On the eve of Election '86, the Republicans are suddenly spreading good news about the economy. In the past week, the Reagan administration has announced:
An ``agreement'' with the Japanese, who will stimulate their own economy by cutting interest rates, reduce personal and corporate income taxes, and increase their government spending. In return, the United States will ``resist protectionist pressures and work toward free and fair trade.'' This could result in fewer Japanese imports to the US and, therefore, more American jobs. It is expected that Treasury Secretary James Baker III will end his attempt to lower the value of the dollar relative to the yen.
That the trade deficit has shown improvement for the second straight month.
That US factory orders were up 3.4 percent in September - the largest gain in almost two years.
President Reagan, pounding the campaign trail for GOP hopefuls, has used the good news as a sign that his economic policies have been successful. On Friday, the Treasury Department hastily assembled reporters to announce the US-Japan agreement - in which the Japanese agree to a lot more than the US.
A senior Treasury official insisted that the timing of the announcement had more to do with events in Tokyo than in the US. Stated the official, ``Clearly there is a confluence this particular week of fiscal, tax, and monetary actions that they see as going together, fitting together to stimulate their economy.'' But that's not the way Democratic House Speaker Thomas P. O'Neill sees it. At a press conference with reporters after the US-Japanese agreement, he said the President ``has always come out with some kind of statement just when we were ready to pass a trade bill....''
The timing of the announcement with Japan did not surprise some commentators. Richard Witten, a vice-president at Goldman Sachs, a Wall Street investment banking firm, stated, ``It's certainly a human instinct to get the good news out when you need it.''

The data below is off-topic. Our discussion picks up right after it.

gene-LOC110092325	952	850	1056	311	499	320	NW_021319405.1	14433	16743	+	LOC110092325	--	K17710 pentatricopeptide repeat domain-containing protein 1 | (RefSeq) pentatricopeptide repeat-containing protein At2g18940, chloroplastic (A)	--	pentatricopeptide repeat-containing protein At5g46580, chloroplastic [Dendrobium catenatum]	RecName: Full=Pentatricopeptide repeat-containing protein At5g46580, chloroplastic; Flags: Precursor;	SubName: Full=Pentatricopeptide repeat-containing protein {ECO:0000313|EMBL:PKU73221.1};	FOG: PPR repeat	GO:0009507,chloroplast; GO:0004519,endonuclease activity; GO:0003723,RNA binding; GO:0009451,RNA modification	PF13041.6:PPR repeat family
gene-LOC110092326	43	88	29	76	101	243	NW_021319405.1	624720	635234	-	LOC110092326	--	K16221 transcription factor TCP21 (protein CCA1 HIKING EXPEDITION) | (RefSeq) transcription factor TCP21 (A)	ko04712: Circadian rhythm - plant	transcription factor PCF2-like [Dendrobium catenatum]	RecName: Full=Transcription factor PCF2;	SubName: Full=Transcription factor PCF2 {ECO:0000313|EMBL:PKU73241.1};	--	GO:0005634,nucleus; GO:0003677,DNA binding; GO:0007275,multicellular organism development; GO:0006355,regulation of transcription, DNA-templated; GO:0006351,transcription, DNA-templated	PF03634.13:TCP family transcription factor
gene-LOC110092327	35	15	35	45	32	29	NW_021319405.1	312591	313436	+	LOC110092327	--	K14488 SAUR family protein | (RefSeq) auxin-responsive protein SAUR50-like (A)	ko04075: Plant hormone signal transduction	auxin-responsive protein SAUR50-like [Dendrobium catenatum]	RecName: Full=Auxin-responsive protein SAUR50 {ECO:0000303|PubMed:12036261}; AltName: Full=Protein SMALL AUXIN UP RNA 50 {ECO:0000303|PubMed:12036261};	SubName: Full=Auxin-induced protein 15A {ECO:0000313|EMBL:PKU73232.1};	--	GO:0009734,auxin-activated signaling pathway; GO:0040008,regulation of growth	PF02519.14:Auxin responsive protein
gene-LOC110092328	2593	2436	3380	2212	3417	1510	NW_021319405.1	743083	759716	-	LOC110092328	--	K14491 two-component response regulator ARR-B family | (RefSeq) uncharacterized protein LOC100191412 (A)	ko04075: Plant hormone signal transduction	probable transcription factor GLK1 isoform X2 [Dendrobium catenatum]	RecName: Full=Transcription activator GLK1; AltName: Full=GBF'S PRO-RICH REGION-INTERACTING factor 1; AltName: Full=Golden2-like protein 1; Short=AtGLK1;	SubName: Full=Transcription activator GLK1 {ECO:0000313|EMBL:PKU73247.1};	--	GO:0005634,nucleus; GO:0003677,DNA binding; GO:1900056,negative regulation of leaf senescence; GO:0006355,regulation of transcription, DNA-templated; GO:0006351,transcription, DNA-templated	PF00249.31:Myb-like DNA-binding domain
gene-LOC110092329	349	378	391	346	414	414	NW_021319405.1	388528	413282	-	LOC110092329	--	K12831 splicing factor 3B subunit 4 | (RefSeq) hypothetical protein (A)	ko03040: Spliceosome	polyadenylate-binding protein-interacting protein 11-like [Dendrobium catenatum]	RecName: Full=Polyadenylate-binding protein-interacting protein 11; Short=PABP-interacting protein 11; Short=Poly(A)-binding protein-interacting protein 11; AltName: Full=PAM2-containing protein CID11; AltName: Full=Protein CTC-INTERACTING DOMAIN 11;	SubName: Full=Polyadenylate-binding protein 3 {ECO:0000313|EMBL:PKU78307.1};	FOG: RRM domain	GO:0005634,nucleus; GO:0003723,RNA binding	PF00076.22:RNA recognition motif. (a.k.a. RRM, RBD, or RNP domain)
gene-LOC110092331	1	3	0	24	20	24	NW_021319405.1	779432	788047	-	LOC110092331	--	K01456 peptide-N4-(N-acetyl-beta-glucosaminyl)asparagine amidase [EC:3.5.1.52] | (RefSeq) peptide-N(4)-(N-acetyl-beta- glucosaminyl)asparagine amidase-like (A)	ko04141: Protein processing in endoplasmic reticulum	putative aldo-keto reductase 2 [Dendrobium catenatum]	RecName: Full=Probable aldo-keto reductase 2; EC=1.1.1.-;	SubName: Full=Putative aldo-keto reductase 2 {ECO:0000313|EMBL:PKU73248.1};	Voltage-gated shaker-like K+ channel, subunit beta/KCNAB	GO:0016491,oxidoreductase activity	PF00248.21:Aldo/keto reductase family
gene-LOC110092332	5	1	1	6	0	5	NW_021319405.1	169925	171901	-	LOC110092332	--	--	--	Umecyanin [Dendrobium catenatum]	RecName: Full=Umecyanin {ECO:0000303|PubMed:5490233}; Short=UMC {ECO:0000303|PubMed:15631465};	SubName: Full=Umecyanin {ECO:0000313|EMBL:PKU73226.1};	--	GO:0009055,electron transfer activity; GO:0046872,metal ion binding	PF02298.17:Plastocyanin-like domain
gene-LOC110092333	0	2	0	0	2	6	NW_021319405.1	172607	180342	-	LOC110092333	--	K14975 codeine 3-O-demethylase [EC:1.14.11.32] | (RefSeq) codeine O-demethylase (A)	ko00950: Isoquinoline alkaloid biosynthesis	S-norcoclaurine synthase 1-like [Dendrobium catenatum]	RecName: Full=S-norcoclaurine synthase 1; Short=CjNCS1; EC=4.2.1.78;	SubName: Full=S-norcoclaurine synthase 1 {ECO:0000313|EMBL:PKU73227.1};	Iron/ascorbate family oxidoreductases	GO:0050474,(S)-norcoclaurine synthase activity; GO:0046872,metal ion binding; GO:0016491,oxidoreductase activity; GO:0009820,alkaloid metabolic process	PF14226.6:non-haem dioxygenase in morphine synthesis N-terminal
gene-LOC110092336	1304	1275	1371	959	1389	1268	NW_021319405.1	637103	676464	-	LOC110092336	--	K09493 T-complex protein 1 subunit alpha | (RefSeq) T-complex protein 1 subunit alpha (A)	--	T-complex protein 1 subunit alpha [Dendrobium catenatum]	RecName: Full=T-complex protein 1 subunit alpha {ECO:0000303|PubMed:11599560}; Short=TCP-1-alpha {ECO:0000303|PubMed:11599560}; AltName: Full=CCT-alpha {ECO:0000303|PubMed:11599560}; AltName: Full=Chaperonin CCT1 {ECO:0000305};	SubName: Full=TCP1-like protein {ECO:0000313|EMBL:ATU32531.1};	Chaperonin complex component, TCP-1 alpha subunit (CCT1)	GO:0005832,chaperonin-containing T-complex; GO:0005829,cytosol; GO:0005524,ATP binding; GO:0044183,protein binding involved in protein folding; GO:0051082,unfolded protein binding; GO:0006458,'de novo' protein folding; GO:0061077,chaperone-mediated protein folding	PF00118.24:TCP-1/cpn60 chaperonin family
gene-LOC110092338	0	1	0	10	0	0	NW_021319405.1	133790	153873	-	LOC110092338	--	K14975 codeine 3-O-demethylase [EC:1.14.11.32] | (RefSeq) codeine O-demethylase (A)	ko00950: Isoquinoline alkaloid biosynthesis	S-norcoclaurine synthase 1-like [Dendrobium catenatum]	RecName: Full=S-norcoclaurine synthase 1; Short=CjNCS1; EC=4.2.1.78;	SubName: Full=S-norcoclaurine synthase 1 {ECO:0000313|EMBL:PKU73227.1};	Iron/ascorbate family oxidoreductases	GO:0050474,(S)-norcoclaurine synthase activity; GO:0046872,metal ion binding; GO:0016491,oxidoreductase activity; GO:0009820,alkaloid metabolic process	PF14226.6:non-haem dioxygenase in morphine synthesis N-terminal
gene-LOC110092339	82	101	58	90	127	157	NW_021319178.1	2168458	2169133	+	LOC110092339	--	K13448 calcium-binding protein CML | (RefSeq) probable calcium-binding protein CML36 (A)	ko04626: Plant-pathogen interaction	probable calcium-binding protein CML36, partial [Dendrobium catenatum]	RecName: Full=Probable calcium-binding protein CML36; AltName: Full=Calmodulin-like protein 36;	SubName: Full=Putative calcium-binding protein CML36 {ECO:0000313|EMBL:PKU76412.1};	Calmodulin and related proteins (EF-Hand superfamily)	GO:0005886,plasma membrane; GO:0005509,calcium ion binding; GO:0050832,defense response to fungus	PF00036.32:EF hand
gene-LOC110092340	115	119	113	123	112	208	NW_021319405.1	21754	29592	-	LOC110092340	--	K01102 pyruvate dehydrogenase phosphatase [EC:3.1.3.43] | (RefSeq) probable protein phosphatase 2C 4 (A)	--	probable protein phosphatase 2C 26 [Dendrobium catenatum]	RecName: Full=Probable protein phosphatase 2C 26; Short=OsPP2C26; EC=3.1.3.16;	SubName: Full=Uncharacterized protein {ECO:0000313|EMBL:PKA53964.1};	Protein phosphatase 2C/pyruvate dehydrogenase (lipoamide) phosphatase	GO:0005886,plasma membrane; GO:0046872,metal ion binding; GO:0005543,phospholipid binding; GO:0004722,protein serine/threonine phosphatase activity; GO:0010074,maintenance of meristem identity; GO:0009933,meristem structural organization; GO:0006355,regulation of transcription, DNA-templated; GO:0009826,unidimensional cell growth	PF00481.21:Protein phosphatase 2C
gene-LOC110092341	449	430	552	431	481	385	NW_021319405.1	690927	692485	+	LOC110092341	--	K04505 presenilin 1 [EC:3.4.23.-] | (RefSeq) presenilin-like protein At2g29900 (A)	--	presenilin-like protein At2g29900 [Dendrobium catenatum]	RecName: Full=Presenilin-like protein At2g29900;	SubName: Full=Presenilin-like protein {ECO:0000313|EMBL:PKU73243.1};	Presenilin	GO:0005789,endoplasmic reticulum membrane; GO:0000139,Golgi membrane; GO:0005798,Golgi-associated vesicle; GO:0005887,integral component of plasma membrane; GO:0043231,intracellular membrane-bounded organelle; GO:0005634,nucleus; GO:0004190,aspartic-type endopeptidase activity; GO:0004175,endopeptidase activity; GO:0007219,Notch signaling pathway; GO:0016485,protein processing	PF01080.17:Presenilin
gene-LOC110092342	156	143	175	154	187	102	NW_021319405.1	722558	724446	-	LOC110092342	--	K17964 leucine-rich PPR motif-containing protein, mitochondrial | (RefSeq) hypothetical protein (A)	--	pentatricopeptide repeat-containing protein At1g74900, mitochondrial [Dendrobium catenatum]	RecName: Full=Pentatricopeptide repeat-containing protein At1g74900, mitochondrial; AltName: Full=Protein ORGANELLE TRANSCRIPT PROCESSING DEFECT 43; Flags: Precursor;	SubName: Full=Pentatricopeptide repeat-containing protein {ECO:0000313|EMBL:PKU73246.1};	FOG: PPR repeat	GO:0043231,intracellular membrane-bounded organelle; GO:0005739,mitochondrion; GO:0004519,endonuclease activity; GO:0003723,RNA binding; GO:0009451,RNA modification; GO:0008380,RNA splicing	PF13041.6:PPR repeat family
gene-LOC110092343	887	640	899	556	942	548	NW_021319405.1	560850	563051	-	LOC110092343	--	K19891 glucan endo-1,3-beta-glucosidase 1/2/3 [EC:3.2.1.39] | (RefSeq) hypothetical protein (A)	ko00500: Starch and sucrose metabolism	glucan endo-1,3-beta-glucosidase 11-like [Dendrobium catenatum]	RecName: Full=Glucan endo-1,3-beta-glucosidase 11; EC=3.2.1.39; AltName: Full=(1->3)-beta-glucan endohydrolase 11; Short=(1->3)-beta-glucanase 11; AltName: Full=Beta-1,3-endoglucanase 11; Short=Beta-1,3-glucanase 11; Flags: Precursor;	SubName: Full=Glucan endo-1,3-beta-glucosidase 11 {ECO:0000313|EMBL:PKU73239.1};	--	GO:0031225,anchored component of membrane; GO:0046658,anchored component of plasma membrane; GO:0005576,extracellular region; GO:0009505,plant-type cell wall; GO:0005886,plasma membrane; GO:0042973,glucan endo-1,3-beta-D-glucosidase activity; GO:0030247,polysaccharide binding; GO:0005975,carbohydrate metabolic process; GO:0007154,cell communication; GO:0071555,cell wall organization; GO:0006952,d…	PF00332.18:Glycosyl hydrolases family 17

And David Wyss, chief financial economist for DRI, a forecasting service in Lexington, Mass., quipped: ``It was pretty much a unilateral action. You don't call in the press when the Japanese cut their discount rate. Obviously, it's an attempt to get political mileage out of it.'' But economists said the Japanese actions and the improvement in the trade numbers were important.
The Japanese central bank agreed to reduce its discount rate from 3.5 percent to 3 percent. In reducing its lending rate, the Japanese government is encouraging its savers to invest in US government securities, which have higher yields than comparable Japanese securities.
In addition, the government agreed to spend an additional 3.6 trillion yen in a fiscal stimulus package. And, finally, the government said it will reduce taxes.
By stimulating its economy, Japan will not increase demand for American-made goods, since the US does not sell many manufactured goods there anyway. But as Mr. Witten notes, ``The Japanese government might become a magnet for goods from third-world countries like Brazil which are now exporting to the US.''
Foreign-exchange markets also seemed to believe that the US and Japan had come to an agreement on exchange rates - not allowing the yen to fall much further. A senior Treasury official denied that the countries had established any rates but did note that the yen had been trading in the lower part of its range. Witten notes that governments never cite specific agreements on currencies, since it would encourage currency speculation.
In lowering its interest rates, Japan has also indirectly put pressure on the German central bank to lower its interest rates. But many analysts doubt that the Germans will act. Currently, the German economy is growing at a 3 percent rate. ``This looks pretty good to the Germans,'' Wyss says.
Economists were pleased to see the trade deficit improve in September, a month when it frequently is larger. But some of the improvement was attributable to Detroit's cut-rate auto financing. More Americans bought US cars, and that cut down on the imports of Japanese cars. ``It does not mean we're free and clear,'' states Wyss, ``but it does offer us some encouragment.'' Democrats did not see the numbers as much of an improvement. Sen. Robert Byrd of West Virginia, the Democratic minority leader, complained, ``The trade crisis continues to threaten America's economy more profoundly than anything since the Great Depression.''
A key factor in the economy, Federal Reserve policy, has remained above the fray. The Federal Reserve Board has scheduled an Open Market Committee meeting on Wednesday, the day after the election. The Fed likes to appear nonpartisan around election time. So it is not expected to lower the discount rate.